Nike's Human Printing Press

27. September 2013 04:50 by Calvin Yu in   //  Tags: , , , , , , , , , ,   //   Comments


Printing presses have been around in the Western world since 1450, but Nike has found a way to innovate printing press technology by making it come alive with athletes' individual sports. How, you must be asking, can human atheletes use their physical prowess directly in the printing process? Nike's branch located in Turkey launched "Made By Movement" to directly engineer a printing press to work with the activities athletes partake in. The result was a multi-faceted challenge to encourage physical health and show the beauty of each athletic skill through a video that documented the process.

How did it work?

Using a series of engineers, designers, and the most advanced digital technology, advertising agency Wieden+Kennedy reverse engineered the poster design. What this meant was that everyone had to first figure out how each individual component would layer over the others. For instance, cyclists first needed to peddle to power the entire machine's conveyor belt while runners would trigger a cloud of powedered ink using specially designed laser beams. Each subsequent layer of the poster was made possible by using computer-aided design (CAD) drawings.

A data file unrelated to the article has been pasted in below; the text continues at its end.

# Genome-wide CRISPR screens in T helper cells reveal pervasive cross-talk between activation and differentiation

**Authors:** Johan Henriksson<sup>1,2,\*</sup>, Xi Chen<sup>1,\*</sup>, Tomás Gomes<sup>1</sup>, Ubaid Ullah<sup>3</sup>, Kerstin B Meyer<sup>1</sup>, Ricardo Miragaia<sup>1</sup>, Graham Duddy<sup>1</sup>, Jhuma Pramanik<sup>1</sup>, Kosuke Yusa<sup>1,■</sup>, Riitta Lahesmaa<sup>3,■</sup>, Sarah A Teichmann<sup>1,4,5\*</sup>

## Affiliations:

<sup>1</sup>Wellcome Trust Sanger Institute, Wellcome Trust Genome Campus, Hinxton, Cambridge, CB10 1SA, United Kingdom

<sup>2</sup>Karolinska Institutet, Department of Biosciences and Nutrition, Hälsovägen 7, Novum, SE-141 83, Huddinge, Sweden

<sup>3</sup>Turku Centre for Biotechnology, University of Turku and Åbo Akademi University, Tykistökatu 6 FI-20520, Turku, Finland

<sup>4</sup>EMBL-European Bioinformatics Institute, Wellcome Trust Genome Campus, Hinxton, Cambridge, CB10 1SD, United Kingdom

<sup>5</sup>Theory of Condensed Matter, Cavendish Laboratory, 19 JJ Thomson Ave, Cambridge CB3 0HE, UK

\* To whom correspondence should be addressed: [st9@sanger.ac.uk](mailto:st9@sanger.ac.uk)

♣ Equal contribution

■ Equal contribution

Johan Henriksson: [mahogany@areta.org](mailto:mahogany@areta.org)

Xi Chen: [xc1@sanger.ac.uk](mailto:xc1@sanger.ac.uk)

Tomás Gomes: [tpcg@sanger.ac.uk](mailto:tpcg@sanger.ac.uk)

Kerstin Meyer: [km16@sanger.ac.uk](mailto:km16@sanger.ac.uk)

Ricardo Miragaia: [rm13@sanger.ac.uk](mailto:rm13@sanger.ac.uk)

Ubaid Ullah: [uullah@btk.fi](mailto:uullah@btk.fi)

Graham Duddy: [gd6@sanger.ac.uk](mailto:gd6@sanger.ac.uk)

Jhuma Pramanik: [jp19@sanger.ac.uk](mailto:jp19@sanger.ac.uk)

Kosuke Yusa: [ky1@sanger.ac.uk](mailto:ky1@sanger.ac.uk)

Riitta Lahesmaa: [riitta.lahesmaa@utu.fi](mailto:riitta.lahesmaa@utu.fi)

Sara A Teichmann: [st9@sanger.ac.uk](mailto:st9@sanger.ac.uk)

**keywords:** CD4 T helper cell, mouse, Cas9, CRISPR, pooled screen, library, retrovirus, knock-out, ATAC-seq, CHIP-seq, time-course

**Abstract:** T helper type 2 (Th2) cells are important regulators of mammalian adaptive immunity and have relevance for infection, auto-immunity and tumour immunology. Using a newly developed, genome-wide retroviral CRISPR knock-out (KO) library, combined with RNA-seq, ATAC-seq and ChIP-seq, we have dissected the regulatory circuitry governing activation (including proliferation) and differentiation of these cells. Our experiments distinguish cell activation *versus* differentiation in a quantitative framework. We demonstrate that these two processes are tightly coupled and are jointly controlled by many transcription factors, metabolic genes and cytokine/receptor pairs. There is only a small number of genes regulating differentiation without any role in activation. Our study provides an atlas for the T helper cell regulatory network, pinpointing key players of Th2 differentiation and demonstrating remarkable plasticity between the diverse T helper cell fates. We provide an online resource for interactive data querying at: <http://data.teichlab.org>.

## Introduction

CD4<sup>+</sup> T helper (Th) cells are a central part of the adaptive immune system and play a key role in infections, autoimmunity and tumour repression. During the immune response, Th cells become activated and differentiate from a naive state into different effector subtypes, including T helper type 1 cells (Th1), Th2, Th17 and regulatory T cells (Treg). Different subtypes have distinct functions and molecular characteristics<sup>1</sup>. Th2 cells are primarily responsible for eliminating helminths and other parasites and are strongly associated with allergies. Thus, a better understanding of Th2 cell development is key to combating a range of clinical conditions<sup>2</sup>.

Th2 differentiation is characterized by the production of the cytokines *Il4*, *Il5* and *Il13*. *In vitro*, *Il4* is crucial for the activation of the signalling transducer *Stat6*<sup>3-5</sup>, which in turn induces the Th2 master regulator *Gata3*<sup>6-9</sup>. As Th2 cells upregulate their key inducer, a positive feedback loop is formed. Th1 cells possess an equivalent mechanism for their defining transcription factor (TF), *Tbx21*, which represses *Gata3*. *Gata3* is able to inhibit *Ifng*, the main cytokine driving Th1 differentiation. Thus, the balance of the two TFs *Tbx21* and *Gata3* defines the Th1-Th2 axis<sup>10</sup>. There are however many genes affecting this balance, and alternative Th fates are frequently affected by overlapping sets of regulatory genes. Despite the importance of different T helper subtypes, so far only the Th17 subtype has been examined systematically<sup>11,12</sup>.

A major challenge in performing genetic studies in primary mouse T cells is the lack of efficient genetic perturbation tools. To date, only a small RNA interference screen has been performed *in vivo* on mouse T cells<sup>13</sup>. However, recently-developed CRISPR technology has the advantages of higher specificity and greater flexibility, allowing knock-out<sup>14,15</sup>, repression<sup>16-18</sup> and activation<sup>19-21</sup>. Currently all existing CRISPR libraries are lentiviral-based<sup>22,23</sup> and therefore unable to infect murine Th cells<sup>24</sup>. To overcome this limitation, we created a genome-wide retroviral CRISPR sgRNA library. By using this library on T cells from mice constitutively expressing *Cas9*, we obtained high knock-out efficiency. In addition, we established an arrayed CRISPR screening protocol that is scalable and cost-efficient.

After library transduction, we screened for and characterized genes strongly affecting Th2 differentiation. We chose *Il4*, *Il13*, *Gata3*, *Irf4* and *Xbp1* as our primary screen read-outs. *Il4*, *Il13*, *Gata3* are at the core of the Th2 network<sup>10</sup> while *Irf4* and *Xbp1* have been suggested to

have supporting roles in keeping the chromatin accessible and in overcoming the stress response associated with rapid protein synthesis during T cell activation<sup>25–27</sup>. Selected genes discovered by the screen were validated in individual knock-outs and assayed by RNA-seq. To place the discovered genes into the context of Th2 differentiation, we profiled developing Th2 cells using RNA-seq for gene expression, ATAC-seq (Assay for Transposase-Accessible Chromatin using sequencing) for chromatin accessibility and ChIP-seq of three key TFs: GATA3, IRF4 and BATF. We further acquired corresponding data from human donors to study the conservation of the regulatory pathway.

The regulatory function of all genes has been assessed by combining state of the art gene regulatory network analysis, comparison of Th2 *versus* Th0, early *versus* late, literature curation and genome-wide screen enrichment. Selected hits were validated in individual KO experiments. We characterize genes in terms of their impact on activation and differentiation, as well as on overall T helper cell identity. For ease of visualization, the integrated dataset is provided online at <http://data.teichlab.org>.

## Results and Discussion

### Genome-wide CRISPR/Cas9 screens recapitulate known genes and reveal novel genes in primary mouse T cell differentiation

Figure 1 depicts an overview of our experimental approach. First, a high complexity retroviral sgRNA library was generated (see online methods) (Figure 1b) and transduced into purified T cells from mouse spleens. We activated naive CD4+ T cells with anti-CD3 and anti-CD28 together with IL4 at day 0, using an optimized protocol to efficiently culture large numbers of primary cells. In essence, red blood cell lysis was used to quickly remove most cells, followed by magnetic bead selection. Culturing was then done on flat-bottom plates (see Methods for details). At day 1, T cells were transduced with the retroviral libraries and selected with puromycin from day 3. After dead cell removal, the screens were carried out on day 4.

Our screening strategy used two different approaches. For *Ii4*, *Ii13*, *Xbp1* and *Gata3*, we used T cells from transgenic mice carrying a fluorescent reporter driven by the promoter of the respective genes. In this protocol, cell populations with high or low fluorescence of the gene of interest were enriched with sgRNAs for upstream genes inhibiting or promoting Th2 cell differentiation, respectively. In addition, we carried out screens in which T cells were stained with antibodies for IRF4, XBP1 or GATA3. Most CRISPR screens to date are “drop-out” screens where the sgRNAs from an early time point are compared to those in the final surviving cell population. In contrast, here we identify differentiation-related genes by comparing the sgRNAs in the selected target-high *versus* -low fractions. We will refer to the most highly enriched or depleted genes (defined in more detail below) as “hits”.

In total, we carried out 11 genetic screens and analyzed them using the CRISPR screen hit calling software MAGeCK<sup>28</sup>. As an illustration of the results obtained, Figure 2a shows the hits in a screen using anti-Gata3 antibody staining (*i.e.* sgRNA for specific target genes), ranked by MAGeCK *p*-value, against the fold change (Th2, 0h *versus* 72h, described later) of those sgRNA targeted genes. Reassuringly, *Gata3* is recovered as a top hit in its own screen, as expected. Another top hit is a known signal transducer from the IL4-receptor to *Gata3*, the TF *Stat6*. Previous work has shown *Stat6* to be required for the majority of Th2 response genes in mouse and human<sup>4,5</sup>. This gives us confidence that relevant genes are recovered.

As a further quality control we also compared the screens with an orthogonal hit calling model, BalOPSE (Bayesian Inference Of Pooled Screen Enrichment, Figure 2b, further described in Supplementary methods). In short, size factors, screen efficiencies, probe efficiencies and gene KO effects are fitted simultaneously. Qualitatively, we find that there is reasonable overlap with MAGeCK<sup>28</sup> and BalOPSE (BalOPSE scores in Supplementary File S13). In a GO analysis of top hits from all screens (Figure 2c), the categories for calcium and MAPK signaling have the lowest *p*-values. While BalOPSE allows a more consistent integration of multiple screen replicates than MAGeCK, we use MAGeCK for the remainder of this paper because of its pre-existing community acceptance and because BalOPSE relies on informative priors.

Were there any difficulties in the process?

During the live creation of the poster, there were some snags in the process. For instance, a boxer used a punching bag that was hooked up to release ink blots on the poster, depending upon the position where the bag was punched. However, due to the force of the boxer's punches, the punching bag got removed from its stand, which jammed up the paper that was being processed. By installing a series of support beams, this problem was averted.

What was especially innovative?

One of the most interesting applications of this design process was applying the signature Nike swoosh to the paper. Using cross-trainers, Nike organized a routine called "belly up," in which these trainers would jump from a platform belly up on to the floor below, which was actually a giant stamping device that would press against the page. This customization allowed for individuals to place small stamps on each page in relation to their body moment, giving every poster a 'limited edition' feel.


Though it's still a little difficult for us to imagine all of the advanced technology behind this advertising campaign, we're excited to see new applications of printing technology, particularly to projects that encourage physical fitness. Feel free to let us know what you found most interesting about this project below!

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